Grieve approaching this like a criminal trial.
Some fire going on in this shit right now.
Johnson condemned Cameron for being a 'girly swot'. "Which I suppose was meant to be contrasted with his manly idleness."
Angela Eagle: "Democracy requires a certain commitment to the truth. This loosening of current administration's mooring from a commitment to tell the truth is a direct threat to democracy."
Grieve: "It is this which concerns me so much."
The rumours are that when litigation was brought against govt, there was a desire to set out why it was pursued. But when the Treasury solicitors dept sought to find the official willing to compose an affidavit "no such official could be found willing to swear to the affidavit."
He was then given information from public officials "informing me that they believed the handling of this matter smacked of scandal."
He cannot prove this, but says the sources are reliable and that it is extremely unusual that those officials would approach him like this.
Grieve says the he's been told that there's plenty of evidence that the prorogation was to silence parliament in order to secure no-deal.
Labour MP Barry Sheerman: "I've been in this House for 40 years. I've never heard of a more serious allegation against a government."
Grieve reminds everyone these are just allegations. He wouldn't make them, and would pursue other avenues, but because prorogation was about to take place, he had no option but to pursue this path.
He has selected in his list of individuals where he thinks "the answers are to be found".
Tory MP Owen Paterson asks why those particular individuals. Grieve says the list was originally longer and at one point included senior civil servants. Then he narrowed it.
"The origins of this story does not lie with public officials, it lies with the special advisers to ministers. And for that reason the list is as well directed as I think it can be."
Now on Yellowhammer - the leak of no-deal prep by the govt. The govt originally said it was prepared for the previous administration. But in fact it seems it was for the existing administration.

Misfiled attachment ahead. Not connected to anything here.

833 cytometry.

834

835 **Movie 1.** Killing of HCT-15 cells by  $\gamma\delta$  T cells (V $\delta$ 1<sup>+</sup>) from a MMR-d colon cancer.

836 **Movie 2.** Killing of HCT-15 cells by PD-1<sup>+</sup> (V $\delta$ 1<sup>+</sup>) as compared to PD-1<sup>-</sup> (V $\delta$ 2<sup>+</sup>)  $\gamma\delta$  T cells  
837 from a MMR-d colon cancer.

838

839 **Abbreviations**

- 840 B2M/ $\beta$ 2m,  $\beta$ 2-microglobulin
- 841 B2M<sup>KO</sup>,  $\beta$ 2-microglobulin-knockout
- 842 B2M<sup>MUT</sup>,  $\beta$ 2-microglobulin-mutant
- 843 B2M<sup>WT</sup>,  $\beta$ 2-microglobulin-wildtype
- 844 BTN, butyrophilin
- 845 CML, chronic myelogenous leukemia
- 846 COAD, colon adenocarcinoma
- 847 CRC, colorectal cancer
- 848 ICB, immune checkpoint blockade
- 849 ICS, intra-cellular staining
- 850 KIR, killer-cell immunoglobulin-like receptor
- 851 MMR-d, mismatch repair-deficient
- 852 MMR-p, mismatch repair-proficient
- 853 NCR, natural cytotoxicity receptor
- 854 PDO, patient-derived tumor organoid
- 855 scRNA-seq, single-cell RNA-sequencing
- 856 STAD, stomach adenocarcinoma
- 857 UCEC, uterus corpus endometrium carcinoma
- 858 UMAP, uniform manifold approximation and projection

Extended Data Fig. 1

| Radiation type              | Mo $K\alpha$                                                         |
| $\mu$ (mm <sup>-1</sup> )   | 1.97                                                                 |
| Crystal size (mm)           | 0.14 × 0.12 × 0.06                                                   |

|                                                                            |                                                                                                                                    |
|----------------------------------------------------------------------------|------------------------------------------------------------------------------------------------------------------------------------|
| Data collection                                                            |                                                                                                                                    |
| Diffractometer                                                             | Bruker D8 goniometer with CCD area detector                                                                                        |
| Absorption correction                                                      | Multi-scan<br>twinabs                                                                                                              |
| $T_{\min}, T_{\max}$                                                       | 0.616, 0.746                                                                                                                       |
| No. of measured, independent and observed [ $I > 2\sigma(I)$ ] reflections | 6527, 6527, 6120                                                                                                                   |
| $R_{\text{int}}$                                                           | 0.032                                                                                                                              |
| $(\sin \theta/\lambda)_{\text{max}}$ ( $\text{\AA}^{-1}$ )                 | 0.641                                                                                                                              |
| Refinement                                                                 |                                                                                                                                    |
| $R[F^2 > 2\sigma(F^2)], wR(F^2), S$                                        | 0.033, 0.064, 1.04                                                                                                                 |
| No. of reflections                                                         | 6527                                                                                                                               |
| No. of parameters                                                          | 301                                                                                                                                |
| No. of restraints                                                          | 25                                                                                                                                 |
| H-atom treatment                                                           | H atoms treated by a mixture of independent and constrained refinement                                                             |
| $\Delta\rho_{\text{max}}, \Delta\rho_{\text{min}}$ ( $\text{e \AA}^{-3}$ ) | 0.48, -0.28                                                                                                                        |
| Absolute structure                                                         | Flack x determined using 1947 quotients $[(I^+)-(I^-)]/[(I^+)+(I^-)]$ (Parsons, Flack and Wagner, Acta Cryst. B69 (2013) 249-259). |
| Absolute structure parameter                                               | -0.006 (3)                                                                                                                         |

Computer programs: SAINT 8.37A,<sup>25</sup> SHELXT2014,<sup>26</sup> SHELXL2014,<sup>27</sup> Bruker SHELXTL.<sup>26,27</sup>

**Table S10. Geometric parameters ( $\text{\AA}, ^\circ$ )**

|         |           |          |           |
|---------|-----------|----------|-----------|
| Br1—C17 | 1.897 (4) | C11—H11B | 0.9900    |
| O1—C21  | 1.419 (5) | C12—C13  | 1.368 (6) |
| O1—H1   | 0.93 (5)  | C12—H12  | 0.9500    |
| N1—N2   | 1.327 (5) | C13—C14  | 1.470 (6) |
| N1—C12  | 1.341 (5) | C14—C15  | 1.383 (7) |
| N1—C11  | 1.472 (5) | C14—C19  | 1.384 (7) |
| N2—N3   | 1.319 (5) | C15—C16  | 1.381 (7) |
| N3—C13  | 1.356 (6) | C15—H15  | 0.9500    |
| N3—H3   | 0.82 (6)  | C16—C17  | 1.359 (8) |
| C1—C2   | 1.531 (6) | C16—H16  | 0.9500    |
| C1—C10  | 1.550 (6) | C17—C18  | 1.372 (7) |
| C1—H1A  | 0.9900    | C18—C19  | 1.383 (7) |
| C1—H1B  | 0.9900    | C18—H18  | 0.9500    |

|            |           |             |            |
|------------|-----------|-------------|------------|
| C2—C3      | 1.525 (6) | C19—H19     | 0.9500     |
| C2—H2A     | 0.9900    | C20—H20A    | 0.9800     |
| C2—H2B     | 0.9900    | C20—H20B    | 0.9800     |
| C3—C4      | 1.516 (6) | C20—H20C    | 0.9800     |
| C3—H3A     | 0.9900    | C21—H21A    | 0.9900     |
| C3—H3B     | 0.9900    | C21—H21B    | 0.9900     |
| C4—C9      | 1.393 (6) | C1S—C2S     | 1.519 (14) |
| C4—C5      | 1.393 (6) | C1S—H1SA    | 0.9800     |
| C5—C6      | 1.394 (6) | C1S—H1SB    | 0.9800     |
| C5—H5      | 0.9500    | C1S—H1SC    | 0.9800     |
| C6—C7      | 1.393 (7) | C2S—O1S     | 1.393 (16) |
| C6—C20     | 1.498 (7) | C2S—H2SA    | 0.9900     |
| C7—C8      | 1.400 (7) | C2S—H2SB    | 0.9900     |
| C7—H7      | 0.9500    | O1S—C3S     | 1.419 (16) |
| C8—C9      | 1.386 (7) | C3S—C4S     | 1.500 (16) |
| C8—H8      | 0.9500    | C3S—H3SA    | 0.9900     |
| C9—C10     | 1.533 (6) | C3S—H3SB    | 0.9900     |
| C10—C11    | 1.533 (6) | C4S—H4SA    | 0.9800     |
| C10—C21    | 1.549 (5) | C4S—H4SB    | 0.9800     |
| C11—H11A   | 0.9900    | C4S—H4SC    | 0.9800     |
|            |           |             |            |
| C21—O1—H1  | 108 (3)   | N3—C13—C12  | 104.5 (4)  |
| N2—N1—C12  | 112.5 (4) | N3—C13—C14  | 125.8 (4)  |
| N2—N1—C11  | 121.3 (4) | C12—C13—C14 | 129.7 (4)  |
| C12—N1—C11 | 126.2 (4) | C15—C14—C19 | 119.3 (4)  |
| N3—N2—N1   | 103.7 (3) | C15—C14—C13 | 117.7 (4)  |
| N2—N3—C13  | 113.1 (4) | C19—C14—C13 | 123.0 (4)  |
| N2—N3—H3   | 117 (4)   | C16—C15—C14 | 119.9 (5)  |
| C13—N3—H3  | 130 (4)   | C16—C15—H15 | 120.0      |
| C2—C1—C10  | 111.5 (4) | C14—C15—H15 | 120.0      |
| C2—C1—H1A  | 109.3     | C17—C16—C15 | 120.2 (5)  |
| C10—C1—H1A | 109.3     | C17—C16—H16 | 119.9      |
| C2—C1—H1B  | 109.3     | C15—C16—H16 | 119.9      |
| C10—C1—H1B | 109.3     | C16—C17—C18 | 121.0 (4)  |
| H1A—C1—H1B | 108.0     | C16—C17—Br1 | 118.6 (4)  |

He wants these disclosed too. For the record, at last week's Brexit committee heating Michael Gove said it was for existing administration but that many of the findings had been carried over from previous documents for the May administration.
Attorney general Geoffrey Cox has his head right back, chewing the arms of his glasses, looking like he is not sure what he had done in a previous life to deserve this.
Gove tries to push Grieve into accepting his assurances about future publication instead of his demand for full transparency, Grieve pushes his efforts aside.
Benn, chair of the committee where he gave the assurances, reads out what he promised: it would be released once there was "proper revision". Benn suggesting Gove should be supporting Grieve, not the other way round.
Grieve: "The great difficulty that e now have in this House is this terrible compelling sense that trust is eroding."
Labour MP Chris Leslie tells Grieve that No.10 is currently briefing reporters that "under no circumstances will No10 staff comply with Grieve's demands regardless of any votes in parliament". Extraordinary.
Grieve says this is the problem. These utterances bear no relation to the functioning of the British constitution.
"It's impossible to know whether they're froth, whether they're Mr Cummings' thoughts, or whether in fact they represent some settled policy view of government in which case this country is facing frankly a revolutionary situation.,"
He warns of an "atmosphere of confrontation" which is "ratcheted up, slowly undermining the institutions which are the only props of legitimacy".
Cox up. Asks what legal right the govt has to demand its staff publish private communications.